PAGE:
'A5':     { position: 7, string: 3 },
  'A#5':    { position: 8, string: 3 },
  'B5':     { position: 9, string: 3 },
  'C6':     { position: 3, string: 2 },
  'C#6':    { position: 4, string: 2 },
  'D6':     { position: 5, string: 2 },
  'D#6':    { position: 6, string: 2 },
  'E6':     { position: 7, string: 2 },
  'F6':     { position: 8, string: 2 },
  'F#6':    { position: 9, string: 2 },
  'G6':     { position: 3, string: 1 },
  'G#6':    { position: 4, string: 1 },
  'A6':     { position: 5, string: 1 },
  'A#6':    { position: 6, string: 1 },
  'B6':     { position: 7, string: 1 },
  'C7':     { position: 8, string: 1 },
  'C#7':    { position: 9, string: 1 },

The lines with 'G4', 'G#4', 'A4', are still the same. Those notes have unique tablature so they never change. I have commented them out because they cannot be fingered in 2nd position, but this does not affect the tablature.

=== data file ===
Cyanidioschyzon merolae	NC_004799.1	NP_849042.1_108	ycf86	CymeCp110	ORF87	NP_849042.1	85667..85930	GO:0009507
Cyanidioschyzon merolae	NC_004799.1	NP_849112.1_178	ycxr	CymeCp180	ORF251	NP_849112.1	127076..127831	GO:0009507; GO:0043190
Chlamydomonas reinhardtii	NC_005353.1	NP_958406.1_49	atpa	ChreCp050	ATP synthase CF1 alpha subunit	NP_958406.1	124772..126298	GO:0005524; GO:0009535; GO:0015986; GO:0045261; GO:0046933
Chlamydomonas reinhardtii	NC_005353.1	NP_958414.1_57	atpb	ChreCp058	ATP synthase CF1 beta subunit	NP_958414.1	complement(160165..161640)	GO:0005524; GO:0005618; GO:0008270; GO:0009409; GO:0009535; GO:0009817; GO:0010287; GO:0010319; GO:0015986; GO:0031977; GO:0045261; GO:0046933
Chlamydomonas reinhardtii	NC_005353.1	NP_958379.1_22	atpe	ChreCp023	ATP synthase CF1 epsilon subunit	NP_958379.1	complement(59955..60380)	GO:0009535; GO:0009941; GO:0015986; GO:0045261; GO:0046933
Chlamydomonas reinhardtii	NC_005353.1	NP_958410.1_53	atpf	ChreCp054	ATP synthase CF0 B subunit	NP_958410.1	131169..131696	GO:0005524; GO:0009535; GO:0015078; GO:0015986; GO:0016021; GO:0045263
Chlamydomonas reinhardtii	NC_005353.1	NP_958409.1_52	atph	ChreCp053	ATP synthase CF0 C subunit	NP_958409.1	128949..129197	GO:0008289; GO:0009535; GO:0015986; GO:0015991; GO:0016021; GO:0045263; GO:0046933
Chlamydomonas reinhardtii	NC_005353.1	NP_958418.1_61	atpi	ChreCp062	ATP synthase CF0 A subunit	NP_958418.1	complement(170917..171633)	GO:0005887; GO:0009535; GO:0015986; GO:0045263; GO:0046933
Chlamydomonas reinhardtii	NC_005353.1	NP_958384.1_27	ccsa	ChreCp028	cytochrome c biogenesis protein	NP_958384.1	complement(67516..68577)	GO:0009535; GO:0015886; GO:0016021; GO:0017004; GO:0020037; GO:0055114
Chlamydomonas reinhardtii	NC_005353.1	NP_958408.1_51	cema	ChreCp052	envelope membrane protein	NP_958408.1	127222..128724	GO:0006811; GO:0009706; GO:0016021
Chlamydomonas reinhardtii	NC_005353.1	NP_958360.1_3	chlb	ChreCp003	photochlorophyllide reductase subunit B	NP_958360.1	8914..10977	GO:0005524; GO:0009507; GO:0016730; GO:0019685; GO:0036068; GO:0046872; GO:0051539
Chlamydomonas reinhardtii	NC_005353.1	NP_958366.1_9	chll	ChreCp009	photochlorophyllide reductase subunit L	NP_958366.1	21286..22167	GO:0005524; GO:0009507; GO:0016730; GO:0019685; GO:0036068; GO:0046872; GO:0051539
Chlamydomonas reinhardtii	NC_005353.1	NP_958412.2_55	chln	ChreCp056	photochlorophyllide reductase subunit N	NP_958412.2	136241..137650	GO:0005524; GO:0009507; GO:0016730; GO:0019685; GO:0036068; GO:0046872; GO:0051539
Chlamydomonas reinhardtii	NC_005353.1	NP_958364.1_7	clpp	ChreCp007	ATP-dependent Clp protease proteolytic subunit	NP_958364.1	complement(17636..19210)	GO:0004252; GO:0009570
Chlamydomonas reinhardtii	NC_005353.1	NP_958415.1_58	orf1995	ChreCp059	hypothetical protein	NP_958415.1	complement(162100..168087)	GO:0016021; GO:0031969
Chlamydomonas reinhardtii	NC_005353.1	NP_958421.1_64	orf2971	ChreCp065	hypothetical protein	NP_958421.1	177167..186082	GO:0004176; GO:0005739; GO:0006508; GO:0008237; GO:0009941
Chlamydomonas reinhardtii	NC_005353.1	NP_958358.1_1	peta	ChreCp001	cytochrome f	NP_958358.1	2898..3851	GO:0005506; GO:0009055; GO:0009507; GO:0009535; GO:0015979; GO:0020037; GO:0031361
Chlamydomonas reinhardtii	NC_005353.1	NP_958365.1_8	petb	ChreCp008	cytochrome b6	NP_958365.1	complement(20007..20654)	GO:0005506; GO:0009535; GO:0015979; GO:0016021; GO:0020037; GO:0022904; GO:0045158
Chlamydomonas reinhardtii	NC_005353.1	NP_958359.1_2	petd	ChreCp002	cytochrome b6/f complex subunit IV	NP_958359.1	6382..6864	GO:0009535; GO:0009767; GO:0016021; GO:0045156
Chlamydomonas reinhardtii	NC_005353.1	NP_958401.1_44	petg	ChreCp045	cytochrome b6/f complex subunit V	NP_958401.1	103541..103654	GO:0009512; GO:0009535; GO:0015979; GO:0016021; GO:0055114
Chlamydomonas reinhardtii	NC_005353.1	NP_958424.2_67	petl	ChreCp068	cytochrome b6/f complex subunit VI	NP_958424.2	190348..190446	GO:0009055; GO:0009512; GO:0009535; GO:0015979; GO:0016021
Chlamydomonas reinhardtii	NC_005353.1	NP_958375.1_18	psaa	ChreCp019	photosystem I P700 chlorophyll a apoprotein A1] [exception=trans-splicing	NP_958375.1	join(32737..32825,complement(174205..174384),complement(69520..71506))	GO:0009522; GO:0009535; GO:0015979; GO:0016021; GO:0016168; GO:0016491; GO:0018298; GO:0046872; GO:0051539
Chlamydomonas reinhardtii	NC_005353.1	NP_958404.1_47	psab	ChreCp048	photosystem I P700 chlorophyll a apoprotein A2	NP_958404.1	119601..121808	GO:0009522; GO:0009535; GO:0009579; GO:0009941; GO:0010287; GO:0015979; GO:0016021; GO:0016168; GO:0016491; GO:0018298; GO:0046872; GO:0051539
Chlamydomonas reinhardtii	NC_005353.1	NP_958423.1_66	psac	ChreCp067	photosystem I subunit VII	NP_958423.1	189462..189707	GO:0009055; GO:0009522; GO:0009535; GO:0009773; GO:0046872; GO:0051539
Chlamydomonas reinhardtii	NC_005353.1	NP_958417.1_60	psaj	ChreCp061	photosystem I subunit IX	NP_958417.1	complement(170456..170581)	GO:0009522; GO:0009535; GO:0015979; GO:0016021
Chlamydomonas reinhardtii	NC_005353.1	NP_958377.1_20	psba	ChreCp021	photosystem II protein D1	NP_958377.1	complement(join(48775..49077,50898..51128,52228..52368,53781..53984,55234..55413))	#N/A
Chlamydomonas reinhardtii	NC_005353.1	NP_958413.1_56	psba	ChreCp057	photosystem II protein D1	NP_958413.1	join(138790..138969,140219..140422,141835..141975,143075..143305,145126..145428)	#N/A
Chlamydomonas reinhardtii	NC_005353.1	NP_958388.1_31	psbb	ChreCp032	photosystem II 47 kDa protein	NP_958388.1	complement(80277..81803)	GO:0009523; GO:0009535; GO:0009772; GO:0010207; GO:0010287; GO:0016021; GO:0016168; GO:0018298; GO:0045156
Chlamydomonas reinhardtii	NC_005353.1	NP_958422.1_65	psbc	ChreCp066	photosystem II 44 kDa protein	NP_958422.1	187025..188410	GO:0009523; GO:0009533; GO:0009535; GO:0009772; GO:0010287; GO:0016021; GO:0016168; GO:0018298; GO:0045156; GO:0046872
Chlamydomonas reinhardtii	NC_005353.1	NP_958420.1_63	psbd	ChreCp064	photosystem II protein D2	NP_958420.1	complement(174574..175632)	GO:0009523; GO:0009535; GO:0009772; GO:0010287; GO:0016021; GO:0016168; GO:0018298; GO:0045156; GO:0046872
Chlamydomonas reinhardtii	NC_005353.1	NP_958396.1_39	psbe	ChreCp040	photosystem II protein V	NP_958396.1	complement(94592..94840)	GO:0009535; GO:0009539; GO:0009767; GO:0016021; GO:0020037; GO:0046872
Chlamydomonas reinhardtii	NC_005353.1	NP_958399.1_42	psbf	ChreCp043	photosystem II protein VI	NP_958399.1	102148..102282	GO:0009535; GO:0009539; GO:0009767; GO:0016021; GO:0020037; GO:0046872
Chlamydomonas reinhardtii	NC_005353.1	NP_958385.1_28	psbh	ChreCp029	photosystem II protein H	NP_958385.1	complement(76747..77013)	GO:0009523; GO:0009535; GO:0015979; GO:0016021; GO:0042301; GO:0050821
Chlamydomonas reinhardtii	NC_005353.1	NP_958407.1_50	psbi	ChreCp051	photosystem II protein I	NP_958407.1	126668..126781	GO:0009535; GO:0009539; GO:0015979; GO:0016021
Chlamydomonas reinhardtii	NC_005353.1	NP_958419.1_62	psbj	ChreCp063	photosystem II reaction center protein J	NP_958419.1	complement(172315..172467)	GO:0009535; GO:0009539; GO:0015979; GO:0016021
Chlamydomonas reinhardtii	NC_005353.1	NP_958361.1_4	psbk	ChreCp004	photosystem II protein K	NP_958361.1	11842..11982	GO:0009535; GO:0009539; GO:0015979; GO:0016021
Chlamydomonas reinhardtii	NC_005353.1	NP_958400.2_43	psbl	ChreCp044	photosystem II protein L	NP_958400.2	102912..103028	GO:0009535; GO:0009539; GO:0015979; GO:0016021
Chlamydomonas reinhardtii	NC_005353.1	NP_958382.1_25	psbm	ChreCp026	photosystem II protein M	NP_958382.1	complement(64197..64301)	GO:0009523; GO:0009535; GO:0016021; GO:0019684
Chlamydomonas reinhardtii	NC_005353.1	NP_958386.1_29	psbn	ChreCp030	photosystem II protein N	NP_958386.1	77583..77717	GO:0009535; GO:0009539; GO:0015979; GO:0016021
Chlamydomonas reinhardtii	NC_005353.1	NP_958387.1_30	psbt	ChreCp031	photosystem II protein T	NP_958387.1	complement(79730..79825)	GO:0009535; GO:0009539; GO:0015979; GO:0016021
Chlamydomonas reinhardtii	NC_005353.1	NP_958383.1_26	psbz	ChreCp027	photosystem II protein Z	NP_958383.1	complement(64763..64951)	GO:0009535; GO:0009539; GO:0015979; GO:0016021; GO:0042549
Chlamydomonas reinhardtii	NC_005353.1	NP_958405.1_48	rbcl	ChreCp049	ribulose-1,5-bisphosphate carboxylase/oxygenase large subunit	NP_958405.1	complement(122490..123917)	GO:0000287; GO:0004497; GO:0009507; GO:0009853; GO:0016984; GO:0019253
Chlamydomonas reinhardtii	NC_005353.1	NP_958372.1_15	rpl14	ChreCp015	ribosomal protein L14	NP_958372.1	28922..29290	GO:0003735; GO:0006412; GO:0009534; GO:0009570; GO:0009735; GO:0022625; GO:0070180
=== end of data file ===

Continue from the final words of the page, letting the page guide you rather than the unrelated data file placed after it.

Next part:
[ A note on fingering: In contrast to tablature, fingering notates which finger is used for fretting. In general this does not prescribe which string is fretted. Hence tablature and fingering indications are independent to a certain degree and not fully redundant. But often the combinatorics are manageable and some combinations are much more reasonable than others. ]
Additionally, D5, D#5, E5 that are on string: 3 in 1st position are in higher frets on string: 4 in 2nd position. The ranges covered on the other strings are shifted accordingly. The minimum fret in 2nd position is the 3rd fret, i.e. all strings in the map start with position: 3. Note that there are yet two more 'positions' between 1st and 2nd position; they are not given names (some might call them 'half position'), but they are completely legit to use and they contribute to tablaure.